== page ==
Steller Sea Lion

Eumetopias jubatus

  • Threatened, Endangered Species Act (1990)
  • Endangered (worldwide), International Union for Conservation of Nature
  • Protected Species, Marine Mammal Protection Act

Photo by Kevin Bell.

Steller Sea Lions in the Los Padres National Forest

As strange as it might sound, Steller sea lions can be seen within the Los Padres National Forest along 10 miles of the southern rocky Big Sur coastline. The low rock islands and unapproachable beaches that line the Big Sur coast are frequented by several species of pinniped marine mammals such as sea otters, sea lions and seals. Both the California sea lion and populations of Loughlin’s (eastern) Steller sea lions can be seen here hauling on rocks to sleep on or laying in the sun. Most of the sea lions in this area breed in large colonies at Ano Nuevo Island north of Santa Cruz after giving birth during the early summer months of June and July. They can be seen returning from the shallow protected lagoons of Baja California and mainland Mexico after giving birth to young in March and April. The best time to see Steller sea lions in the Big Sur area is during the later summer months of August, September and October where they can be found along the shoreline within the Los Padres National Forest’s Monterey Ranger District.

Steller sea lion. Photo by Rylee Isitt.


Steller sea lions are very skilled and opportunistic marine hunters. Inhabiting the cold arctic waters of the North Pacific Ocean, they prey on a wide range of fish species including salmon, halibut, cod, herring and rockfish along with several cephalopod species such as squid and octopus. Being near the top of the marine food chain, Steller sea lions are generally only susceptible to predation by humans, killer whales and great white sharks.

Pinnipeds such as sea lions, walruses and seals exhibit a behavior known as hauling-out, where they leave the water to explore sites on land or ice between periods of foraging activity. Hauling-out is necessary in order for sea lions to mate, providing them with an opportunity to rest, socialize and thermoregulate all while avoiding predators. Non-reproductive aggregations are simply known as “haul-outs” while reproductive aggregations onto land or ice are termed “rookeries.”   

Map of eastern and western subspecies. Courtesy NOAA Fisheries

Often confused with the California sea lion, there are several ways to distinguish between the two. Visually, the average Steller sea lion is more than half the size of the California sea lion and has a distinguishable short, broad and blunt nose compared to the long, pointy and narrow nose of the California sea lion. The Steller sea lion is comprised of two recognized subspecies determined by range: the eastern subspecies found along much of North America’s west coast (including California) and the western subspecies found along coastlines between Alaska and Japan.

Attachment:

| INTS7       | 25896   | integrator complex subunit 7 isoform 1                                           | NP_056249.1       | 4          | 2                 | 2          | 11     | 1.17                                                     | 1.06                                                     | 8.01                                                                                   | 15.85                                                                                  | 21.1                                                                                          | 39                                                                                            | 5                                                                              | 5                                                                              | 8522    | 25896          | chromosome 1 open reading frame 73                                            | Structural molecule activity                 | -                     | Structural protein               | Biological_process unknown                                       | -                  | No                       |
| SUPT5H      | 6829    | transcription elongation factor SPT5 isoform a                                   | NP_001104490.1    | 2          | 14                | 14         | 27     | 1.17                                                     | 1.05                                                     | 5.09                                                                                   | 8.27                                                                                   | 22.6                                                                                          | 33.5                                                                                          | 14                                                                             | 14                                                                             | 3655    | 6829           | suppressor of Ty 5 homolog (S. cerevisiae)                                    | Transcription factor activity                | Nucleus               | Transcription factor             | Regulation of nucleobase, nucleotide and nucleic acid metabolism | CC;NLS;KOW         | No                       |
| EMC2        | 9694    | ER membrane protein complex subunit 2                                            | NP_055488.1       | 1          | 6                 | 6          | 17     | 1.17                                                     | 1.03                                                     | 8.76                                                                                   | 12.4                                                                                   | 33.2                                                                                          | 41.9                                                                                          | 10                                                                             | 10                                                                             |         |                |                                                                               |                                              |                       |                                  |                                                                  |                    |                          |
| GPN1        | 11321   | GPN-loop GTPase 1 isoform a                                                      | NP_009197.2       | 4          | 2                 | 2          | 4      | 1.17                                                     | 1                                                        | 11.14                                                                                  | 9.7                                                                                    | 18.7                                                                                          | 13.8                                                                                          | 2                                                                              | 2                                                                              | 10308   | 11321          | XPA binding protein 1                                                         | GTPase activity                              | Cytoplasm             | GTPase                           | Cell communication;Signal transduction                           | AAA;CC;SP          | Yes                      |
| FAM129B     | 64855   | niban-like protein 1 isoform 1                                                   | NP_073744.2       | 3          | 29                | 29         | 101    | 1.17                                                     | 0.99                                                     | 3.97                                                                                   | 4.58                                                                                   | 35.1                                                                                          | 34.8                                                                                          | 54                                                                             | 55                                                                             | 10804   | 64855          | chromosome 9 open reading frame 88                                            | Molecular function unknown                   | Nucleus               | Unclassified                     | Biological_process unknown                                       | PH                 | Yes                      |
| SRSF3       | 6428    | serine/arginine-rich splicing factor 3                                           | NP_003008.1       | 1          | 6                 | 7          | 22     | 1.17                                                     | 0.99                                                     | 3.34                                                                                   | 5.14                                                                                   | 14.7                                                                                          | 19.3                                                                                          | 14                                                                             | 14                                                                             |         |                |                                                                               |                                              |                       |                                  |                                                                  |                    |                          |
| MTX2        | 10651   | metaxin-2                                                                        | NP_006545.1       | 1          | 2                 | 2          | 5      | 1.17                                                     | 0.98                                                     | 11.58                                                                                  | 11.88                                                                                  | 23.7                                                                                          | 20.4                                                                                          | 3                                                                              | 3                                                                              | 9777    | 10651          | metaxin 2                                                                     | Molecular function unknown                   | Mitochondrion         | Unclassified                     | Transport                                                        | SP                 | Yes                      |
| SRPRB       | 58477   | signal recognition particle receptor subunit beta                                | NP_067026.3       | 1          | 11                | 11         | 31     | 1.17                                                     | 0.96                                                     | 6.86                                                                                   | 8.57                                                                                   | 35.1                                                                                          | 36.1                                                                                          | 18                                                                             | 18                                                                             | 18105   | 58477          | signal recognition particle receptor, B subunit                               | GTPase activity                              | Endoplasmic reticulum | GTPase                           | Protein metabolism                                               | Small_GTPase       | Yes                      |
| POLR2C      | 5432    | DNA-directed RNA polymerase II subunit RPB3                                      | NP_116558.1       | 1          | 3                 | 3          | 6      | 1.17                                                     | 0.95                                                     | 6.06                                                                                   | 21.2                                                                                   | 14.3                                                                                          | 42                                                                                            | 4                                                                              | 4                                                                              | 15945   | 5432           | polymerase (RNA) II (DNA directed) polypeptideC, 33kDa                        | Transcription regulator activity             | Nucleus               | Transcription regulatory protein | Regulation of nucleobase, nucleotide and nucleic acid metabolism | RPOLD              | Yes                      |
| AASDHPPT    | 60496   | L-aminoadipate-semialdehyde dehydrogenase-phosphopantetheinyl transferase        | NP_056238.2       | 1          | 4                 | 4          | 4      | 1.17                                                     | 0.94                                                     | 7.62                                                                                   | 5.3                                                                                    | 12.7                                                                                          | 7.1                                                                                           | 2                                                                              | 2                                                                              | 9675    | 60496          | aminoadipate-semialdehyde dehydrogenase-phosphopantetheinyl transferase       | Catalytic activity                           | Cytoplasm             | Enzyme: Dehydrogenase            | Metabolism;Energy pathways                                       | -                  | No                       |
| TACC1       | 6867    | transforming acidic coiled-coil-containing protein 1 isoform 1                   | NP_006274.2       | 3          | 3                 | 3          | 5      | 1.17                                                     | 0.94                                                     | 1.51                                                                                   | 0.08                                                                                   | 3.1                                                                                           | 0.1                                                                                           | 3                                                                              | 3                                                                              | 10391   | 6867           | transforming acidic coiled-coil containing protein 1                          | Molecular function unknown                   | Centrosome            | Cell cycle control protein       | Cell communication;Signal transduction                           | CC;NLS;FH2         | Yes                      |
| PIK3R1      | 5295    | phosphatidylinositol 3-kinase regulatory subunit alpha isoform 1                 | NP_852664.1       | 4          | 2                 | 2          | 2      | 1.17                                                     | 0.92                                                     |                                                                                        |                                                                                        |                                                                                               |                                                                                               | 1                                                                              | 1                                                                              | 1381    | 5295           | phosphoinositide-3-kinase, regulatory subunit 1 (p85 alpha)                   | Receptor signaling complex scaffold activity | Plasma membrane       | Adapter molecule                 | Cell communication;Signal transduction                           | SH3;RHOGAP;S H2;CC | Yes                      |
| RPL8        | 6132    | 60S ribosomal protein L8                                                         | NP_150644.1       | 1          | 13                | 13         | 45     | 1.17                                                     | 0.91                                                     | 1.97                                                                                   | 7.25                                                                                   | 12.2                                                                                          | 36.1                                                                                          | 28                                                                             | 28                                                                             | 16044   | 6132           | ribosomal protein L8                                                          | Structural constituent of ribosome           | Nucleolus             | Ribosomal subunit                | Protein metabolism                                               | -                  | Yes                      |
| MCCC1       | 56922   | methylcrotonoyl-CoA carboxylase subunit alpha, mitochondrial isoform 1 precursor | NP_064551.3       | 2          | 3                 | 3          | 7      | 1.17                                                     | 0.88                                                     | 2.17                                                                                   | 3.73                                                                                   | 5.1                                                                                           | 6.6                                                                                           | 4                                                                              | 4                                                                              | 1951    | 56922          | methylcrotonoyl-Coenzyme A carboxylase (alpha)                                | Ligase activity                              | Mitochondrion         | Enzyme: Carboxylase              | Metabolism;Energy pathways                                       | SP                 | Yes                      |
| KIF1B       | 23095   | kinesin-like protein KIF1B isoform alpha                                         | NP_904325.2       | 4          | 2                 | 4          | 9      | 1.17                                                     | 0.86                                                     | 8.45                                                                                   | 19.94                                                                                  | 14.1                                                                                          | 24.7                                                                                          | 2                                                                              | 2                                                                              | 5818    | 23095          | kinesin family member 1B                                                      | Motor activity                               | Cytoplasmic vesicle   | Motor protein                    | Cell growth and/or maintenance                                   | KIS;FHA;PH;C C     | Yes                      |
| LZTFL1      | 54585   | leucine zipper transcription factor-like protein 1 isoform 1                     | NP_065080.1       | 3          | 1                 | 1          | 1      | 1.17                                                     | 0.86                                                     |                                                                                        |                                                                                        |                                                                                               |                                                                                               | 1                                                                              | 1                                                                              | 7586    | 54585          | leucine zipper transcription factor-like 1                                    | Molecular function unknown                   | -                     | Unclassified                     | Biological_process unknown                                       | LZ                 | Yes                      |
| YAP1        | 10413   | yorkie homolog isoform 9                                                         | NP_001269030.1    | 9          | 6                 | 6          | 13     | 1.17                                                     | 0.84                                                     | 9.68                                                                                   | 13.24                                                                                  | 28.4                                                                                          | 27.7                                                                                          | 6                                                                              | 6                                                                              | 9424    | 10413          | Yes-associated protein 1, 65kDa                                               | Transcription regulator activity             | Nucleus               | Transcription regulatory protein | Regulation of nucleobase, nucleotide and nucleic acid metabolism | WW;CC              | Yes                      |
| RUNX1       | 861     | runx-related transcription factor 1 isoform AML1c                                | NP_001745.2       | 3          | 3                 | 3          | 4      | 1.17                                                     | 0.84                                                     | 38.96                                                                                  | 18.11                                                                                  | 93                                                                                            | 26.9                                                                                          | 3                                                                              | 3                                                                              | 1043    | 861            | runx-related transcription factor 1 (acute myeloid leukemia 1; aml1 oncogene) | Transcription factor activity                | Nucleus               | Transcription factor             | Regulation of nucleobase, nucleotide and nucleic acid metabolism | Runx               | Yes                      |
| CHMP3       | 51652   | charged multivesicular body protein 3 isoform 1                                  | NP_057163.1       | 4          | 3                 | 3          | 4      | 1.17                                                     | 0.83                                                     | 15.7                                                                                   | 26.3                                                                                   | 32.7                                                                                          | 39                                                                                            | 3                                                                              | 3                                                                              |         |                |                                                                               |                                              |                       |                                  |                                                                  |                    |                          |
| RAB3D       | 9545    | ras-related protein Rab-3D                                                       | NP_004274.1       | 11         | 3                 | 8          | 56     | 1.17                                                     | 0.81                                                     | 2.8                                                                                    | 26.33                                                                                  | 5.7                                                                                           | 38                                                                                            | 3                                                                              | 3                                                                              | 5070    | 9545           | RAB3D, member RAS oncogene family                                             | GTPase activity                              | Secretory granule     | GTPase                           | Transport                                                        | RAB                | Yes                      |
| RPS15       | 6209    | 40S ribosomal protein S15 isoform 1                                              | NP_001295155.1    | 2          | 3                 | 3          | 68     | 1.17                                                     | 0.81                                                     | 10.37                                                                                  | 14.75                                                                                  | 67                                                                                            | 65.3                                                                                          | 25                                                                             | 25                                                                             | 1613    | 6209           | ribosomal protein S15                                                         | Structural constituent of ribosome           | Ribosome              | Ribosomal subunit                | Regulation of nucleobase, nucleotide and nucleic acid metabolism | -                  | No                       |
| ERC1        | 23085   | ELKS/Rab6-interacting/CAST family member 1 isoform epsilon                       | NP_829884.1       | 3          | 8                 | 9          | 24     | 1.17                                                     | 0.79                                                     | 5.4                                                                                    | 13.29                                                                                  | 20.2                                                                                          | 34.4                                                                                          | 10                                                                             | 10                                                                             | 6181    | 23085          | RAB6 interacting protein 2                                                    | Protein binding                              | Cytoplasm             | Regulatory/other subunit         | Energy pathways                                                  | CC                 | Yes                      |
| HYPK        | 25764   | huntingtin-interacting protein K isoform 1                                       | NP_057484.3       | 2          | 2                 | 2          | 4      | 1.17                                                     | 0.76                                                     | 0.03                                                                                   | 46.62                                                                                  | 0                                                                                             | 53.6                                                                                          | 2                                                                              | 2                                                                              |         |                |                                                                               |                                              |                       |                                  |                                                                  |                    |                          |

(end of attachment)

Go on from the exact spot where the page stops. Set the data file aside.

A fully-grown adult male weighs an average of 1250 lbs while the average female weighs around 550 lbs. Pups weigh an average of around 50 lbs at birth and can be weaned at one year, although there have been documented reports of nursing up to 4 years old. An interesting fact about the Steller sea lion is that females can live up to 30 years while males rarely survive past their mid-teens. Steller sea lions become sexually mature at 3 to 7 years of age, although males are not mature enough to defend territory and acquire mates until at least the age of 9. Males arrive at rookeries in May and fight to claim and maintain territory for the following two months. Breeding occurs shortly after the pups are born during June and July and the females, with an incubation period of 11 and ½ months, return the following year to give birth and breed again on land.


Historically, the Steller sea lion has faced much predation pressure from humans as they were hunted for their meat, fur and blubber. For Alaskan native peoples, these animals served as a staple food and natural resource for their communities for thousands of years. In Alaska, tools crafted from sea lion bones were found in prehistoric archaeological sites.

Harvesting of Steller sea lions continued well into the early 20th century until sharp declines in the western populations raised significant concerns in the 1970’s with populations decreasing by 75% between 1976 and 1990.

A large male among several other Steller sea lions. Photo by Andrey Giljov.

In the United States it is illegal to hunt sea lions and both subspecies that compose the Steller sea lion population are protected under federal law. According to experts that study changes in their populations, a large number of Steller sea lions are continually poached annually, contributing to discrepancies in their population numbers. A successful method to offset this illegal activity has been awarding monetary rewards for the reporting of illegal main mammal hunting activity.  Other threats to Steller sea lions include ship strikes, interactions with fisheries, habitat degradation due to contaminants and pollutants and offshore oil and gas extraction.

Conservation Efforts

The species was listed as threatened under the federal Endangered Species Act in 1990. A recovery plan was developed for the Steller sea lion in 1992 that designated critical habitat for the species as a 20 nautical mile buffer around all major haul-outs and rookeries along with three major foraging sites. A revised recovery plan was issued in 2008, which discussed separate recovery action plans for both subspecies.

In 2013, the eastern subspecies of the Steller sea lion was delisted due to the successful recovery of the eastern populations, having been estimated to increase 243% over the last 40 years due to the conservation benefits and protection provided by Endangered Species Act. However, the western subspecies of Steller sea Lions in the United States has been listed as Endangered since 1997.